House liberals use outside muscle to bolster 2010 position against Blue Dogs

The head of a not-for-profit organization affiliated with House Democratic liberals plans to raise $1 million next year to give liberals an edge in public policy battles with the conservative Blue Dog Coalition.
 
Darcy Burner, the executive director of ProgressiveCongress.org, a nonprofit education and advocacy organization, has played a behind-the-scenes role in the healthcare debate, applying constant pressure on Democratic leaders to keep the public option on the negotiating table.
 

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Burner is one of many liberal activists who have worked this year to preserve the prospects of a government-run health insurance program, despite forecasts over the summer that it would fall away amid strong opposition.
 
Unlike many other liberal activists, however, Burner can boast of two advantages: she has three lawmakers on her board of directors and a strong track record raising money.
 
Burner built her connections to House Democrats and liberal donors during two unsuccessful campaigns for Congress against Rep. Dave Reichert (R-Wash.). (She easily out-raised the GOP incumbent in 2008.)
 
Reps. Raul Grijalva (D-Ariz.) and Lynn Woolsey (D-Calif.), the co-chairmen of the Congressional Progressive Caucus, and Rep. Barbara Lee (D-Calif.), a former co-chair of the caucus, sit on the board of directors of ProgressiveCongress.org.
 
These lawmakers and liberal policy leaders, such as Robert Borosage, of Campaign for America’s Future, and Conrad Martin, of the Fund for Constitutional Government, picked Burner to run the group. The organization was incorporated in 2005 as the American Progressive Caucus Policy Foundation but it did not have any staff until this year. As a result, it played virtually no role in the policy skirmishes within the Democratic Caucus before this year.
 
But that has changed. The renamed group, which includes an educational wing organized under section 501(c)3 of the tax code and a 501(c)4 advocacy wing, has served as an important bridge between House liberals and outside groups such as MoveOn.org, US Action, People For the American Way and the AFL-CIO. It has also worked with influential liberal blogs such as Daily Kos and OpenLeft to provide updates of internal Democratic deliberations and keep up a drumbeat of demand for the public option.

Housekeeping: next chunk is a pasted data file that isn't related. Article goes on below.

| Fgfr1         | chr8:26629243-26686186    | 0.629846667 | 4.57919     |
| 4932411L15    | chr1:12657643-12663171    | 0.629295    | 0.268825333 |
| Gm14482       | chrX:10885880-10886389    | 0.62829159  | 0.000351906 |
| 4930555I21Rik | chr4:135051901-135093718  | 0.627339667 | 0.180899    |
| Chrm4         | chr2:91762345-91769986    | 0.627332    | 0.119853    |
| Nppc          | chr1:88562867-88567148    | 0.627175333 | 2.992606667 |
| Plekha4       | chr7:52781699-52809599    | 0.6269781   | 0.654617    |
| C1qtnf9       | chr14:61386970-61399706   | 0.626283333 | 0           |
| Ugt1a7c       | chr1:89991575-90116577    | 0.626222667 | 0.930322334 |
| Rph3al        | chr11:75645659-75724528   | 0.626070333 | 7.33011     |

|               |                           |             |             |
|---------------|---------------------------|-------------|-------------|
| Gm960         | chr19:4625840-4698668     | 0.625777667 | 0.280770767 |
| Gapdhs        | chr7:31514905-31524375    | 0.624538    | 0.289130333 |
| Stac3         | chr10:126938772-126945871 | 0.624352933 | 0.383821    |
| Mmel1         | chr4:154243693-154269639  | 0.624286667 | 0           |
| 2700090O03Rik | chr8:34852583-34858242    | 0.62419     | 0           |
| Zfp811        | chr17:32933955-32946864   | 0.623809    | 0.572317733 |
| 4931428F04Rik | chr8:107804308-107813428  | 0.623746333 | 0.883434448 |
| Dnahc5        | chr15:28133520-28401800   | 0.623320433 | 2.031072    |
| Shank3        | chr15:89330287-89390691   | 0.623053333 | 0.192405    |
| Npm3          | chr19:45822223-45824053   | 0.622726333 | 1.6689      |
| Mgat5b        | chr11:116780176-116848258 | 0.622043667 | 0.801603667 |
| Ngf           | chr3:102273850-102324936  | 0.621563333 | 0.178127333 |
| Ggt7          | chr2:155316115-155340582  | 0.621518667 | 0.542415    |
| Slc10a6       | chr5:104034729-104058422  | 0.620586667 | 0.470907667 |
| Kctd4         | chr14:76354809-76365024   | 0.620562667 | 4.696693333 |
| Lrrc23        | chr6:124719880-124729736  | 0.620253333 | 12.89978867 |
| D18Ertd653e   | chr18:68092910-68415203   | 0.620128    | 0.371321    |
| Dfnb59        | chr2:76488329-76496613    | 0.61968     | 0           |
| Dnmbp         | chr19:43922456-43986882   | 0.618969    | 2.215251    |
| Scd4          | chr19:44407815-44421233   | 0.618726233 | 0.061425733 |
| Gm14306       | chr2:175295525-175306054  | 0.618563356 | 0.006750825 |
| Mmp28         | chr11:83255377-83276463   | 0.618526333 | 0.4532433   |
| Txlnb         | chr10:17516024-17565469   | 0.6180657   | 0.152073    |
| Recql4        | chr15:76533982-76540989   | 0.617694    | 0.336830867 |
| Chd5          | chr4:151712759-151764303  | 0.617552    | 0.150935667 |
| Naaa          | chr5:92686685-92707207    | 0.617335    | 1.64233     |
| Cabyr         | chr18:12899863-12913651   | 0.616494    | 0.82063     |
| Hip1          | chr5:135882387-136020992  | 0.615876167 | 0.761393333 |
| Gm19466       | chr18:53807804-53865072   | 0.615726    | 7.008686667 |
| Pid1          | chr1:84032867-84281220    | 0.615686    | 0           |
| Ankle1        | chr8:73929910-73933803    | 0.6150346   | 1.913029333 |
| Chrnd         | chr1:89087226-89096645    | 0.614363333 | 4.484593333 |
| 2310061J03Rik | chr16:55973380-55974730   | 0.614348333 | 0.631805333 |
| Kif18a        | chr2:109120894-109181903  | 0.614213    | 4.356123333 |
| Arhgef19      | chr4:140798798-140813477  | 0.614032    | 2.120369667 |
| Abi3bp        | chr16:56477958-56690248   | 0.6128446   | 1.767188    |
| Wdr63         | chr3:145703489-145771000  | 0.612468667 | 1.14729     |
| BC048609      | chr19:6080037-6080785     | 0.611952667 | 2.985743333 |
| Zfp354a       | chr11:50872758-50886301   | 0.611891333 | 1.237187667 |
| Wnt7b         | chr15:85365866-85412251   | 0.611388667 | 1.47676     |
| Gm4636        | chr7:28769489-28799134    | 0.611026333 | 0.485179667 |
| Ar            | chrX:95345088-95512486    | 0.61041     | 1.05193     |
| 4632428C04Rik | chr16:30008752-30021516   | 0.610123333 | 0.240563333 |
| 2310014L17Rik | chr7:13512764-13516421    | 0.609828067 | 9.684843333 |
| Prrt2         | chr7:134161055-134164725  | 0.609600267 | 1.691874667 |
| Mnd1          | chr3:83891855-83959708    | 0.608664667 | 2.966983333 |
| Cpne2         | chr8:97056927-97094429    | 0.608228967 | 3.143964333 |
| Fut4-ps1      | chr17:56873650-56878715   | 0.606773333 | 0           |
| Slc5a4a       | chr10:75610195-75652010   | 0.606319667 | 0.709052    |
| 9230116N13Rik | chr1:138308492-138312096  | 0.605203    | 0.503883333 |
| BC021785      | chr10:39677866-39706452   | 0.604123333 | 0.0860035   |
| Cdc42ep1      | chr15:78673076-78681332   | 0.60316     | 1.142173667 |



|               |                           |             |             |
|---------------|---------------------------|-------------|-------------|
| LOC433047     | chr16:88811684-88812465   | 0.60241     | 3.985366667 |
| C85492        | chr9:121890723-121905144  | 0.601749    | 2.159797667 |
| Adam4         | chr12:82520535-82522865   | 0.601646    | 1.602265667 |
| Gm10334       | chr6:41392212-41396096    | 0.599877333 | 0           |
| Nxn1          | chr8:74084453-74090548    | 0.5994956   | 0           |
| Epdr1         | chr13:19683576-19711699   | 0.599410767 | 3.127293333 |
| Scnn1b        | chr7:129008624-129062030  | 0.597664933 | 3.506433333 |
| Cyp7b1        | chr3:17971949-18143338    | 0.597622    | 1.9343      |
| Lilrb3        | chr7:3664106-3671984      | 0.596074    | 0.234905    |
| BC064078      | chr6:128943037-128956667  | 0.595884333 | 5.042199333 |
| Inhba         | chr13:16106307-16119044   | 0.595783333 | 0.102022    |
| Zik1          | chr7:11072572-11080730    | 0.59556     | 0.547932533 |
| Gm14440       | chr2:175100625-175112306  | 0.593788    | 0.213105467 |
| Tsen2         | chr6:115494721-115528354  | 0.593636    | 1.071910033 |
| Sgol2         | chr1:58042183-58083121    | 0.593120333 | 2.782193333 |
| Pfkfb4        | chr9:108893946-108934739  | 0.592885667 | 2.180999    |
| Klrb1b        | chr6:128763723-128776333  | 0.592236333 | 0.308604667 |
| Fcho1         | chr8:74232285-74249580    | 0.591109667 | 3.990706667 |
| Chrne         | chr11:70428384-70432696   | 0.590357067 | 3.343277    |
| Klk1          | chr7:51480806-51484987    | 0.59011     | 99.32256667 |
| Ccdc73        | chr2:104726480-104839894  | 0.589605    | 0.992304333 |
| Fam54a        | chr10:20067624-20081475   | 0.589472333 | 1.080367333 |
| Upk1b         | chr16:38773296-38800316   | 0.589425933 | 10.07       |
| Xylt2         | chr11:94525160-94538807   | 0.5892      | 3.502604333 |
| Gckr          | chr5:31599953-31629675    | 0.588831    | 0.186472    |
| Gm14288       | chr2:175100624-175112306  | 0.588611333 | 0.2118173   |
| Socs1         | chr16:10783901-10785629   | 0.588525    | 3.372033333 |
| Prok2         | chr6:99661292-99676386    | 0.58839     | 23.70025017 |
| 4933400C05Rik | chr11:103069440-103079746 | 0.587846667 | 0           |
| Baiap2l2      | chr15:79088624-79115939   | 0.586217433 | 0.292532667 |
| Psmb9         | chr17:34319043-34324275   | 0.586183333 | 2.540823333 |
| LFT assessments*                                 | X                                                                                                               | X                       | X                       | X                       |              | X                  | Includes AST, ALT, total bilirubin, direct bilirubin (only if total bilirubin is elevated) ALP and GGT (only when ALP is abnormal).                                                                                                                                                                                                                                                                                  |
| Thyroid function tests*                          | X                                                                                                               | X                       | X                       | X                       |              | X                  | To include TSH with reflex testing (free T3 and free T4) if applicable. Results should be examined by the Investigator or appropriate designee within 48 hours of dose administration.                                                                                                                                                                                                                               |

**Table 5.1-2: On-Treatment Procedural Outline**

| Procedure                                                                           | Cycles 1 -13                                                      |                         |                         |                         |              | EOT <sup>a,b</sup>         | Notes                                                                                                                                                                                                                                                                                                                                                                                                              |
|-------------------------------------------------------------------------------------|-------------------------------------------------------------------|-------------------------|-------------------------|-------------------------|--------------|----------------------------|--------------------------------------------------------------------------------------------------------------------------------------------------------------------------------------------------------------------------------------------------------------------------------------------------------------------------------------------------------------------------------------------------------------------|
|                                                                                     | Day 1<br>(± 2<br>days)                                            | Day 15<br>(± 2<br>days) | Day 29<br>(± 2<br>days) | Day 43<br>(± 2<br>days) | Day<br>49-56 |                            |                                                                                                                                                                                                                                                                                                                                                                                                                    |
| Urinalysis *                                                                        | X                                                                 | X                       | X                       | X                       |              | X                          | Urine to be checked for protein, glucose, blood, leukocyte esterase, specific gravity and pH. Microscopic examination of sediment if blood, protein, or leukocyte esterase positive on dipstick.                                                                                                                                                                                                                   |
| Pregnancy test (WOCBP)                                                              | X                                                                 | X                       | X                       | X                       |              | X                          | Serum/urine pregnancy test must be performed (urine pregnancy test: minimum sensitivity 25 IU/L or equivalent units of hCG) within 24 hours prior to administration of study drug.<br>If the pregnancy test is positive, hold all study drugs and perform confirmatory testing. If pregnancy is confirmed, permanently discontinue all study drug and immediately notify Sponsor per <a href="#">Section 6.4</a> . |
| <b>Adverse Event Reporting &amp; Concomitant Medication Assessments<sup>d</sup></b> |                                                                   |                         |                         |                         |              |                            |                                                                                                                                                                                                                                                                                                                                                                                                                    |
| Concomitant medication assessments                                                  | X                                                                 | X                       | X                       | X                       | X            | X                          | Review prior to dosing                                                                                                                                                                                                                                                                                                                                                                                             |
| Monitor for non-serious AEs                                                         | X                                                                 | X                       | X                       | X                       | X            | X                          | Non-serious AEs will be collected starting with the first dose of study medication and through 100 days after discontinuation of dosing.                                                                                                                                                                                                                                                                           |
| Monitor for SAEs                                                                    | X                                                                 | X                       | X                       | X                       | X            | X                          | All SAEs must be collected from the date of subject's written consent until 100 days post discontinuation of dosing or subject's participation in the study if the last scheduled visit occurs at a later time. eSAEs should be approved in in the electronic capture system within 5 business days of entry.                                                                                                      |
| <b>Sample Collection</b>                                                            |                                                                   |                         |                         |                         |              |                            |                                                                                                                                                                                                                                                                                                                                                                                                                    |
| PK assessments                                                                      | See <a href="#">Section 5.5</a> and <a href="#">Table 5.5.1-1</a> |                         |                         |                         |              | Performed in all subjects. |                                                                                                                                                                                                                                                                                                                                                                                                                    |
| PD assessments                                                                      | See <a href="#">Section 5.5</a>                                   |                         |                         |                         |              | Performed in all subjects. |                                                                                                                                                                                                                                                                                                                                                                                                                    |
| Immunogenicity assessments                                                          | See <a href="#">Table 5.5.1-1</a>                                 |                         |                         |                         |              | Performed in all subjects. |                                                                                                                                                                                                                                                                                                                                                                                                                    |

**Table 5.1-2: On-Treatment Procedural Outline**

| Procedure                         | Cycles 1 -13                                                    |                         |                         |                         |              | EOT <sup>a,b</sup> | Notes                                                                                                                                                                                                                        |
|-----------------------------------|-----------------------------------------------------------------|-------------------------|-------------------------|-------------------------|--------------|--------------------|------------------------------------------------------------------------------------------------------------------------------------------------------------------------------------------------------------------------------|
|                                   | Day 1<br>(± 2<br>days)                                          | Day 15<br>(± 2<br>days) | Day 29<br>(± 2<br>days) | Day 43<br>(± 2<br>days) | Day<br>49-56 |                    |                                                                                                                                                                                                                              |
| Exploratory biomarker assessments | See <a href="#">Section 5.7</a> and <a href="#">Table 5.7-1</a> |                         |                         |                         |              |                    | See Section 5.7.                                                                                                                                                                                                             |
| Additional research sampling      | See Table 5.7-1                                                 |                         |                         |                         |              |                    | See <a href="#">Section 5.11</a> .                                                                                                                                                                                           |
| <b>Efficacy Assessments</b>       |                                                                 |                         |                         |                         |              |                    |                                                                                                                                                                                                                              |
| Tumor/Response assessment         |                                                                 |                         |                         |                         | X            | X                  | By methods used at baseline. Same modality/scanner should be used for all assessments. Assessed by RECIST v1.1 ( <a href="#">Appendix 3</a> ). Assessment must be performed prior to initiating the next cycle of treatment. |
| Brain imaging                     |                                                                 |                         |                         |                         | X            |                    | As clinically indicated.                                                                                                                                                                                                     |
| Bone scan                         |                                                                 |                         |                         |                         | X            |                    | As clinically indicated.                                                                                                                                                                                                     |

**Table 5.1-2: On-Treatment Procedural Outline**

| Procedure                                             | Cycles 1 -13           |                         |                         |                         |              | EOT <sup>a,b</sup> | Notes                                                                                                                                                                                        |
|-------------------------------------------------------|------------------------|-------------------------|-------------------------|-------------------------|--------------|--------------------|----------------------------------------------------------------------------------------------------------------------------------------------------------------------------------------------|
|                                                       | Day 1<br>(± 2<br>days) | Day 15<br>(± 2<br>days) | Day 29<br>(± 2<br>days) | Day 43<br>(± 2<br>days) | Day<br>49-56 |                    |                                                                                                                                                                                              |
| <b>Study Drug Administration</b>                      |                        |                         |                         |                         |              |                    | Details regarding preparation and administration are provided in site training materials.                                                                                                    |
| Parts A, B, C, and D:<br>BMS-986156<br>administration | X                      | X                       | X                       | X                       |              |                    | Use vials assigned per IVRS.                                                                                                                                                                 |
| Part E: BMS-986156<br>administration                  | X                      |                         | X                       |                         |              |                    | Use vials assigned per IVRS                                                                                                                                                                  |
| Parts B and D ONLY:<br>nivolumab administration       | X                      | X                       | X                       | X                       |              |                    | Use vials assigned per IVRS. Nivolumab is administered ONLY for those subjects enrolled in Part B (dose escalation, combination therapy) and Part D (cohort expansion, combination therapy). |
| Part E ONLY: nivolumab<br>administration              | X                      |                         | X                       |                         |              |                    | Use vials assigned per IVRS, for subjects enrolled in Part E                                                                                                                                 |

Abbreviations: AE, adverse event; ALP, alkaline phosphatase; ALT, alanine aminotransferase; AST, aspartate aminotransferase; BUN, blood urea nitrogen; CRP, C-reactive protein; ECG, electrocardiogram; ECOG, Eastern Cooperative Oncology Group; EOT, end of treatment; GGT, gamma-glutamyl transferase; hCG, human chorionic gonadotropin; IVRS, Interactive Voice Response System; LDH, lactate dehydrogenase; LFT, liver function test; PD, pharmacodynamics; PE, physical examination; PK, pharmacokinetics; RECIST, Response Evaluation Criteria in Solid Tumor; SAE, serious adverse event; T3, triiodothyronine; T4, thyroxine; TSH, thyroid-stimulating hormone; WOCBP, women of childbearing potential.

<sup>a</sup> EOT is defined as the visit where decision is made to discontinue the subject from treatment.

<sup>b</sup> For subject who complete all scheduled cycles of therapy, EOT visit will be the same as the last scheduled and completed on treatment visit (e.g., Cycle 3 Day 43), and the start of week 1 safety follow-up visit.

(During a Friday morning interview with The Hill, Burner took a call from Grijalva, who gave her a report on the results of a Democratic caucus vote on the public option.)
 
“The (c)3 and the (c)4 are focused on building bridges between progressives outside and inside Congress,” said Burner.
 
Burner said the group will raise between $300,000 and $400,000 for its activities this year. Burner also runs a separate political action committee (PAC) to help liberal candidates.
 
With Barack Obama in the White House, the stakes in the ideological battles within the Democratic Party have increased. When it became increasingly apparent last year that Democrats would win the White House, liberals inside and outside of Congress decided to bolster their influence on the Hill.
 
That decision has proved prescient as liberals and centrist Democrats battle this year over the policy provisions of climate change and healthcare reform legislation.
 
Burner says that liberals grass-roots pressure has kept the public option from being written off altogether.
 
“The work of the Congressional Progressive Caucus and the grass-roots on the outside is the reason that the public option is still on the table,” Burner said.
 
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Liberals have long made up a big chunk of the House Democratic Caucus, but they have often lost policy battles to a smaller group of conservative Democrats who have traditionally done a better job of wielding clout.
 
The Congressional Progressive Caucus counts more than 80 House members among its ranks. The Blue Dogs have 56 members listed on their website.
 
Blue Dogs have seen their clout grow in recent years as they have time and again threatened to vote as a bloc against the rest of the Democratic caucus as part of a strategy to shape legislation in the House. For example, they have played a major role in moving House Democrats to adopt pay-as-you-go budgetary rules, which Senate Democrats have not.
 
Blue Dogs have received outside support for their policy initiatives from Third Way, which describes itself as a “think tank of the moderate wing progressive movement.” Third Way’s honorary chairs include centrists such as Sen. Evan Bayh (D-Ind.) and Rep. Jane Harman (D-Calif.).
 
Leading House liberals such as Grijalva are trying to persuade like-minded colleagues that they can have as much of an impact as Blue Dogs if they wield their power as a bloc. They have threatened to vote against any final healthcare reform bill that does not include a public option.
 
“Any bill that does not provide, at a minimum, a public option built on the Medicare provider system and with reimbursement based on Medicare rates — not negotiated rates — is unacceptable,” liberal lawmakers declared in a letter to Obama in early September.
 
Playing hardball politics with party leaders is a new tactic for many House liberals, but they are tired of seeing centrists exercise outsized influence.
 
“If they’re not going to be a swing vote, they won’t have leverage,” said Burner, who said she would like to form a block of 12 committed liberals in the Senate, despite the reputation of independence among lawmakers in the upper chamber.